Public Policies in East Asian Development: Facing New Challenges

By F. Gerard Adams; William E. James | Go to book overview

2
Policy Challenges to Revive the East Asian Miracle

F. Gerard Adams

A time when the headlong rush to development of East Asia has hit a roadblock is an appropriate point to consider what happened in East Asia and what kind of policies can revive the East Asian miracle. While the IMF claims some success for its structural adjustment approach, some economists ( Sachs, 1997; Feldstein, 1998) argue that the IMF's approach is wrongheaded and that the type of stabilization policy promoted by the IMF imposes too heavy a burden. 1 Are policies needed beyond the traditional stabilization measures to give the East Asian economies a jump start and to set the East Asian growth process back into rapid motion? What kinds of policies will serve that purpose?

In this chapter, first I ask what went wrong in East Asia and how that is likely to affect future economic and social prospects. Short-term prospects are quite dire, particularly for Indonesia, but there is basis to remain moderately optimistic about the long-run viability of the region. Then, I turn to policy. What are the challenges for policy? What are the basic stabilization policies, the elements of the IMF conditionality package? What, if anything, can be done about the social and employment problems resulting? Finally, I turn to policies for the longer run. What policy approaches will help to put East Asian development back on track? Our discussion deals in detail with Thailand, though we note its applicability to other East Asian countries.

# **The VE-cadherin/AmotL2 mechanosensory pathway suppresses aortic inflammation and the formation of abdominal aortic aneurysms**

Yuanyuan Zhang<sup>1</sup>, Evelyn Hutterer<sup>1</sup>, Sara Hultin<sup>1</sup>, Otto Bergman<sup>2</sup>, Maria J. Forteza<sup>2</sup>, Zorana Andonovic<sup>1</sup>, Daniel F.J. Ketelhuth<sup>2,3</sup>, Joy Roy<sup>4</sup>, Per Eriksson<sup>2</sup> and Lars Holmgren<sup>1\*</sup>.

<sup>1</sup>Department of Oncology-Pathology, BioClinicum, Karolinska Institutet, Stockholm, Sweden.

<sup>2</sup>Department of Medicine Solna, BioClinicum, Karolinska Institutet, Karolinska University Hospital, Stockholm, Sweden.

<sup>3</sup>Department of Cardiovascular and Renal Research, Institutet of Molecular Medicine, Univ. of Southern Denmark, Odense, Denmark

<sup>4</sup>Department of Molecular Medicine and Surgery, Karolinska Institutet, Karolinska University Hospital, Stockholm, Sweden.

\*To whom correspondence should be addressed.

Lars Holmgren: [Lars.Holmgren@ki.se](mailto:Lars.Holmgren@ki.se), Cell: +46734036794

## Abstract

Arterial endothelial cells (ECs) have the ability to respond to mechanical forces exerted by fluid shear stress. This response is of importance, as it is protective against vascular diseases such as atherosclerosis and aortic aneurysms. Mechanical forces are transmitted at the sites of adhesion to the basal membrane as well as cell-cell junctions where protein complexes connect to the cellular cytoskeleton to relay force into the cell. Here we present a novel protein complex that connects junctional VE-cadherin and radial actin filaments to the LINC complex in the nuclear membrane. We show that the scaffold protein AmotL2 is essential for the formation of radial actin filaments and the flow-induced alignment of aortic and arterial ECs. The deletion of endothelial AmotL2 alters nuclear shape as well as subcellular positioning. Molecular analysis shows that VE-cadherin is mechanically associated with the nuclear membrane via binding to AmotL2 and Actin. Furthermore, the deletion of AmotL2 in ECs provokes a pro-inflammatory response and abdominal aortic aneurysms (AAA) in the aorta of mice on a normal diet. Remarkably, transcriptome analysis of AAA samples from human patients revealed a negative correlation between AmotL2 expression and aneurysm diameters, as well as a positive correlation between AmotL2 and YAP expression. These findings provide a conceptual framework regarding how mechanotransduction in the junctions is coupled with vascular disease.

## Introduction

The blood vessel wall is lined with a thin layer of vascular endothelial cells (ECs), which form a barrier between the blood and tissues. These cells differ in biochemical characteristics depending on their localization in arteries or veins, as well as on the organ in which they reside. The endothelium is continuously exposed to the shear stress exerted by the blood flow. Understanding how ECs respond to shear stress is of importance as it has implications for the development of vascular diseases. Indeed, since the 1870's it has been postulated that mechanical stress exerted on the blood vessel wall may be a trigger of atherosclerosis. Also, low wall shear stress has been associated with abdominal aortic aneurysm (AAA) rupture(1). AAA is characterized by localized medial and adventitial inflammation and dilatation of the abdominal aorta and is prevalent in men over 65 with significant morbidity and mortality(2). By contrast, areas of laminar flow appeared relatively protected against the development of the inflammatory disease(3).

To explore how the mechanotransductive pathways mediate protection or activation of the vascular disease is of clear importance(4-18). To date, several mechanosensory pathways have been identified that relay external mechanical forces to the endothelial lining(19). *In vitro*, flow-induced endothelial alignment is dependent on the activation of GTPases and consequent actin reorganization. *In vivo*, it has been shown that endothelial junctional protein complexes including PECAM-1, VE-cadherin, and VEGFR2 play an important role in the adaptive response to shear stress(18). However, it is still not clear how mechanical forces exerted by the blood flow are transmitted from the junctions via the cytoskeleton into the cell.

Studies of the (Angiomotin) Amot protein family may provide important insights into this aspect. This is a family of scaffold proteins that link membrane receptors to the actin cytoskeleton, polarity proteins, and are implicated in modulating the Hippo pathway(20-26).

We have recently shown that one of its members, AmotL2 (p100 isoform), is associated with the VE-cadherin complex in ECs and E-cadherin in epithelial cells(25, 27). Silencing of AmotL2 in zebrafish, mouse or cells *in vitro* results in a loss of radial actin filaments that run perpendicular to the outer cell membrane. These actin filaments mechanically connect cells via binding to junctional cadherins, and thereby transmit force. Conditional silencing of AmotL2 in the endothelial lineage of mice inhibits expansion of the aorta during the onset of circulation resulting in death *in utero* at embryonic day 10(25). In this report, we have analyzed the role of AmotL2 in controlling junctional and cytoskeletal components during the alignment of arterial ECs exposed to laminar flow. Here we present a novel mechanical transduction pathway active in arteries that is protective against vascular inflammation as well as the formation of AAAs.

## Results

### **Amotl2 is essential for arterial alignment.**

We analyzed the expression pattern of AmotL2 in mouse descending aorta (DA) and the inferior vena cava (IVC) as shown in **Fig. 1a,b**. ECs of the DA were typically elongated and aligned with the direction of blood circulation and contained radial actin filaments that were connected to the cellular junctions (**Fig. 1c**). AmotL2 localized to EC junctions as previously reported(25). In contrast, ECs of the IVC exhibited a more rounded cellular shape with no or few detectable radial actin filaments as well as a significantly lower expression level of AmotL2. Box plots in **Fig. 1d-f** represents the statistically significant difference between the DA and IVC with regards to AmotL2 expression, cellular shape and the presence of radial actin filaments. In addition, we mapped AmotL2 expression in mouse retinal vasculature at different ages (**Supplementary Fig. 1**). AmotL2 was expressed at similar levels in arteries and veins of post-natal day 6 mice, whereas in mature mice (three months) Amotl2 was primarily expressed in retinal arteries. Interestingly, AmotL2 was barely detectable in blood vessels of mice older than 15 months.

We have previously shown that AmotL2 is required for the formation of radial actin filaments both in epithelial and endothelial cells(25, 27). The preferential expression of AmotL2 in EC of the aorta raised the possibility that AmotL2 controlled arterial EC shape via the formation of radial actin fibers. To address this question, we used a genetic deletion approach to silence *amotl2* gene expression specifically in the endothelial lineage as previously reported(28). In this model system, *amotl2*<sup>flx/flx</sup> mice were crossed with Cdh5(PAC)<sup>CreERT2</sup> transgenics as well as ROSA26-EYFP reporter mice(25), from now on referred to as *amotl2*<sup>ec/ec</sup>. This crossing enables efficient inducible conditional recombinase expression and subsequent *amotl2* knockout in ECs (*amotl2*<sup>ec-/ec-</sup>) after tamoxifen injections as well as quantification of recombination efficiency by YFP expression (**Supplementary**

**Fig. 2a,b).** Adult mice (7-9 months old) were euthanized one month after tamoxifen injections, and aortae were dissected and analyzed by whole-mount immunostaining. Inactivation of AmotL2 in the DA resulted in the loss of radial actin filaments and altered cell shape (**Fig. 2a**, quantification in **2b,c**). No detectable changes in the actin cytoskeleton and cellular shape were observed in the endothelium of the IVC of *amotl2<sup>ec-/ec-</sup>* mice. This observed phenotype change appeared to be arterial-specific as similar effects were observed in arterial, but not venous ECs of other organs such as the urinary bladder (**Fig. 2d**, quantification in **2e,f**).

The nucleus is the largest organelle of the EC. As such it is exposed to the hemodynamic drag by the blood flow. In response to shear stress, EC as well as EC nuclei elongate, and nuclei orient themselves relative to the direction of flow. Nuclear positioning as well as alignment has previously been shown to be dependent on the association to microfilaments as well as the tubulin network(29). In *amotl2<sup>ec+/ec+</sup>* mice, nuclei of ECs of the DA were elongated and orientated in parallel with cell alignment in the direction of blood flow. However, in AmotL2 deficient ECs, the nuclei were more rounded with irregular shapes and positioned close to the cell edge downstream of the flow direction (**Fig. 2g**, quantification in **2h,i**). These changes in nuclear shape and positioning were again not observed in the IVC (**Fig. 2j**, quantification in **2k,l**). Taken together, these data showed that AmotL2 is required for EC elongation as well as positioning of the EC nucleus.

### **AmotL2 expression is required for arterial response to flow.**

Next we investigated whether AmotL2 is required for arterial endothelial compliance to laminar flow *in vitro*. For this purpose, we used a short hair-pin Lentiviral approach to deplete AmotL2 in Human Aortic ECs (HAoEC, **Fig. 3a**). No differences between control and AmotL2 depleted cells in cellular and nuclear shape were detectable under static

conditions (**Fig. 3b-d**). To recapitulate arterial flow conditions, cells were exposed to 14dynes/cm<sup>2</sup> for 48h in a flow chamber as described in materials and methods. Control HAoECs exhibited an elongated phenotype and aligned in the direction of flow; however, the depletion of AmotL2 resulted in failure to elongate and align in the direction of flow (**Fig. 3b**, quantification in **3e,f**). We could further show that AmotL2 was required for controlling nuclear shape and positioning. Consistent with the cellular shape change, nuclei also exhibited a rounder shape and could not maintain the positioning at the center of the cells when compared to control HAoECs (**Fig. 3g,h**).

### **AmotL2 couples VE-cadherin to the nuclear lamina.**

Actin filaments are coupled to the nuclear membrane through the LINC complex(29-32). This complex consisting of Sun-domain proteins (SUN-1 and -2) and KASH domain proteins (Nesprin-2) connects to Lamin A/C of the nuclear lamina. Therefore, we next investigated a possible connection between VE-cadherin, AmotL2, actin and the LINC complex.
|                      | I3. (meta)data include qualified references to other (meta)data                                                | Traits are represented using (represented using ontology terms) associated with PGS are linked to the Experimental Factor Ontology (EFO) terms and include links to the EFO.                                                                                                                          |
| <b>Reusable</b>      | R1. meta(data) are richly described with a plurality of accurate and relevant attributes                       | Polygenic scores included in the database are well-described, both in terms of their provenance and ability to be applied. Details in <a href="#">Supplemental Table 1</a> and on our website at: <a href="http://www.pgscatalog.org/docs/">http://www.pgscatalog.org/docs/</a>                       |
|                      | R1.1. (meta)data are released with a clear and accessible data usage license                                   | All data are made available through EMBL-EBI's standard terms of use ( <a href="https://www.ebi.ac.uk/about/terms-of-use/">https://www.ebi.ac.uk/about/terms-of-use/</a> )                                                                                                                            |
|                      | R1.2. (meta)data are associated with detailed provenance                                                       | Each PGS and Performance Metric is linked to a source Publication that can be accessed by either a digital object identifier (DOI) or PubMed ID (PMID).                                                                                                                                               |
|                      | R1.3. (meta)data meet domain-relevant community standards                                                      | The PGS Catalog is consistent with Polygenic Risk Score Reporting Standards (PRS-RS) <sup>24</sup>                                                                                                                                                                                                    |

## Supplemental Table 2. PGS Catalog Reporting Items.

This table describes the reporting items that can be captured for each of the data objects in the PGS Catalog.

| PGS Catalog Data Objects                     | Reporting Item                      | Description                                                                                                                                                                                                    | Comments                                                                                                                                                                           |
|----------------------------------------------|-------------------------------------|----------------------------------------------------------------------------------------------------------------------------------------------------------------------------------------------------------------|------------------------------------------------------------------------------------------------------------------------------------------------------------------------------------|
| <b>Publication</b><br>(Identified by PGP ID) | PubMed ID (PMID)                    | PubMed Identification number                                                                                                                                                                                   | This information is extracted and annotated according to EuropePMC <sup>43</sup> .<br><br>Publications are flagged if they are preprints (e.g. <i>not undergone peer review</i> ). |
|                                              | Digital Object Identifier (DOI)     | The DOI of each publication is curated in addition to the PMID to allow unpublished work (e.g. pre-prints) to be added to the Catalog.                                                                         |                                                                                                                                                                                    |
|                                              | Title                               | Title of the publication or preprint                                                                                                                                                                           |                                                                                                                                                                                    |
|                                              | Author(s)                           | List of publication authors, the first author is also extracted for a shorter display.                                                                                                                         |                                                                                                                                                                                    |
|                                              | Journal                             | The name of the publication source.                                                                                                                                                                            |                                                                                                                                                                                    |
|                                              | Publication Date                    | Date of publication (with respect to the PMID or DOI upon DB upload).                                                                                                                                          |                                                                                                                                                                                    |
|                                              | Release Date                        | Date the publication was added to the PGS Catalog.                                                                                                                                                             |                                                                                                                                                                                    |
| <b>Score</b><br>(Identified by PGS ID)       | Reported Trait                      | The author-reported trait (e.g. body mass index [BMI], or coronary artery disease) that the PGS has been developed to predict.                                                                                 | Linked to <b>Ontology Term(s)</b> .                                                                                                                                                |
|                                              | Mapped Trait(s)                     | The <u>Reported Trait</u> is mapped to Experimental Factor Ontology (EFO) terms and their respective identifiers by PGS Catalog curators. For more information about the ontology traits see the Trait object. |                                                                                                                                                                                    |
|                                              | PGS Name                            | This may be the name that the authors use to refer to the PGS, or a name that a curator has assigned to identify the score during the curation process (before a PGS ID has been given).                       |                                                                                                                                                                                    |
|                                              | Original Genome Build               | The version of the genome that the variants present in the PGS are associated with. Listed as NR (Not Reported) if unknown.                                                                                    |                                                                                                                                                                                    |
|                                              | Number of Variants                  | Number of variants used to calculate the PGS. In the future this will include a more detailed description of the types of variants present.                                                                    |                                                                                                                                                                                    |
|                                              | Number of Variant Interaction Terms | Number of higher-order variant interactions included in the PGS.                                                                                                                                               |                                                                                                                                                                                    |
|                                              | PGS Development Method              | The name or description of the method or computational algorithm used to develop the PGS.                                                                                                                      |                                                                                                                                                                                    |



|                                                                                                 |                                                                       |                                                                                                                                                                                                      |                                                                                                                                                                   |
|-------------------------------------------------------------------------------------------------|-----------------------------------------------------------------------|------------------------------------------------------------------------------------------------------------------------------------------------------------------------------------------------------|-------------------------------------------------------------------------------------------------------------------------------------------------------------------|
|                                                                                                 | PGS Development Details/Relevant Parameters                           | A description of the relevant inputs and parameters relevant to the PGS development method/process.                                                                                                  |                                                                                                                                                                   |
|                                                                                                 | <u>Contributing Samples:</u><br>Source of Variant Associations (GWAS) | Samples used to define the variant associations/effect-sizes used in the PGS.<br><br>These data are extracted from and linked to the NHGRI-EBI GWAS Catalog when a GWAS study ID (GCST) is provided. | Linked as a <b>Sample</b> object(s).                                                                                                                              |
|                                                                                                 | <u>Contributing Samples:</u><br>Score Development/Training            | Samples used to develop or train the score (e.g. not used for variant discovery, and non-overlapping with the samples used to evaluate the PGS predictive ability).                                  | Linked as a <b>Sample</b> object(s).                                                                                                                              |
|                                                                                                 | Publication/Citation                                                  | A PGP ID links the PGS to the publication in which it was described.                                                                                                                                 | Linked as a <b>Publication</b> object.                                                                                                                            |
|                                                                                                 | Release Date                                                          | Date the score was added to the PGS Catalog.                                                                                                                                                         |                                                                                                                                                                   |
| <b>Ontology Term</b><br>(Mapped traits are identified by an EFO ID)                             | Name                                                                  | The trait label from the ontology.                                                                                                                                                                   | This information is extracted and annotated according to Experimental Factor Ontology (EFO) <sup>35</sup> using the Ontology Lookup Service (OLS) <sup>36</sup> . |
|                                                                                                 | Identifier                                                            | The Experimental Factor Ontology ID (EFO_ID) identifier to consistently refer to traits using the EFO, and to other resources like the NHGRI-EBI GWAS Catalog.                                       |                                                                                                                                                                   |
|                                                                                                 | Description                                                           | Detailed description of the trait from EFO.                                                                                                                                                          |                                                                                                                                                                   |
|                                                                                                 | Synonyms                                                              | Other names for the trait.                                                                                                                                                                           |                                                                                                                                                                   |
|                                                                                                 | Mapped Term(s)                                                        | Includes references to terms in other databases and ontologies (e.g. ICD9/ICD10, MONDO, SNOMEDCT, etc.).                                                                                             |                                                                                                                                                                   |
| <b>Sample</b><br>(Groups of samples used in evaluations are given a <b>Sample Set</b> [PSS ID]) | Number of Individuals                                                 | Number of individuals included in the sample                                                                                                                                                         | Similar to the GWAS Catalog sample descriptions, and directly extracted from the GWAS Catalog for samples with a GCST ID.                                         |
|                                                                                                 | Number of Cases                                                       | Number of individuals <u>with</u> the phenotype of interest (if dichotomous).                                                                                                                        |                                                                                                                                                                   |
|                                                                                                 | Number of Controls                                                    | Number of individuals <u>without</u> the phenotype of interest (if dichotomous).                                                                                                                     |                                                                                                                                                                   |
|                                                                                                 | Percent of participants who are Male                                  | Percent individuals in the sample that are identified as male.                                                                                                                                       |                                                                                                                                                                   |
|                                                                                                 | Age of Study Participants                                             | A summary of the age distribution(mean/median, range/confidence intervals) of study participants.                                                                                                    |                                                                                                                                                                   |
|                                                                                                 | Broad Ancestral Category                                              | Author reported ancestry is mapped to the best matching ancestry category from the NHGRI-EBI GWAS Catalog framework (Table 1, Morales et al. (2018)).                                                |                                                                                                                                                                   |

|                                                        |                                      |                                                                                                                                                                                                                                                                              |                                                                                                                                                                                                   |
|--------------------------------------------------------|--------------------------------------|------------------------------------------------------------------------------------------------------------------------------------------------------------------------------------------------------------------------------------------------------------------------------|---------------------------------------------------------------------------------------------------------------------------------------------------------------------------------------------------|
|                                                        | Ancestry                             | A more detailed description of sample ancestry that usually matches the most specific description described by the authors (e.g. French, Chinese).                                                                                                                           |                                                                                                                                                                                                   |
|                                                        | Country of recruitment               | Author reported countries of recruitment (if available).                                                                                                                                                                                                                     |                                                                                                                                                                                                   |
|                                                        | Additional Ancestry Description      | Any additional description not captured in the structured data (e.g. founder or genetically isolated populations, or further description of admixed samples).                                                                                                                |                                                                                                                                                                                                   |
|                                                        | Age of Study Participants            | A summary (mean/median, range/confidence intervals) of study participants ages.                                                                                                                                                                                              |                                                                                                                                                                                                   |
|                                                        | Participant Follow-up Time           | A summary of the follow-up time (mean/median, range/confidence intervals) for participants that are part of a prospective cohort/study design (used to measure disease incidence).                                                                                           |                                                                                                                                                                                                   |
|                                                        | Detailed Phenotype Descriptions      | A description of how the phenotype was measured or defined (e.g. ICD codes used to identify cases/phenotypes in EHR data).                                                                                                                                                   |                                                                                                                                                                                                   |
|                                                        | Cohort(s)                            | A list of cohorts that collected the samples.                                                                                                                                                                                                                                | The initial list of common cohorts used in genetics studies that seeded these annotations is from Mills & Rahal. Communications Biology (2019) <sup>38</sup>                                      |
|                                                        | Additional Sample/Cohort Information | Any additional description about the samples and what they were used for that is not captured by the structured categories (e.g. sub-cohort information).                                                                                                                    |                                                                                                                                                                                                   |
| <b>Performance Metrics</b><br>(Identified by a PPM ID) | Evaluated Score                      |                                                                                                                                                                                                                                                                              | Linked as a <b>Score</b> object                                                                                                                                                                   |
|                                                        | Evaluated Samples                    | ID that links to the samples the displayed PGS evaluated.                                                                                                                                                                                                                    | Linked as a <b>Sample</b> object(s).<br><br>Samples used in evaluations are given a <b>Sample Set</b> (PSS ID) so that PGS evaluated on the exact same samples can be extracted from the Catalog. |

WHAT WENT WRONG?

The crisis began "officially," so to speak, with the devaluation of the Thai baht on July 2, 1997. This event came as a big surprise to financial markets. Not until August did the crisis hit Indonesia and still later in the year engulf Malaysia and

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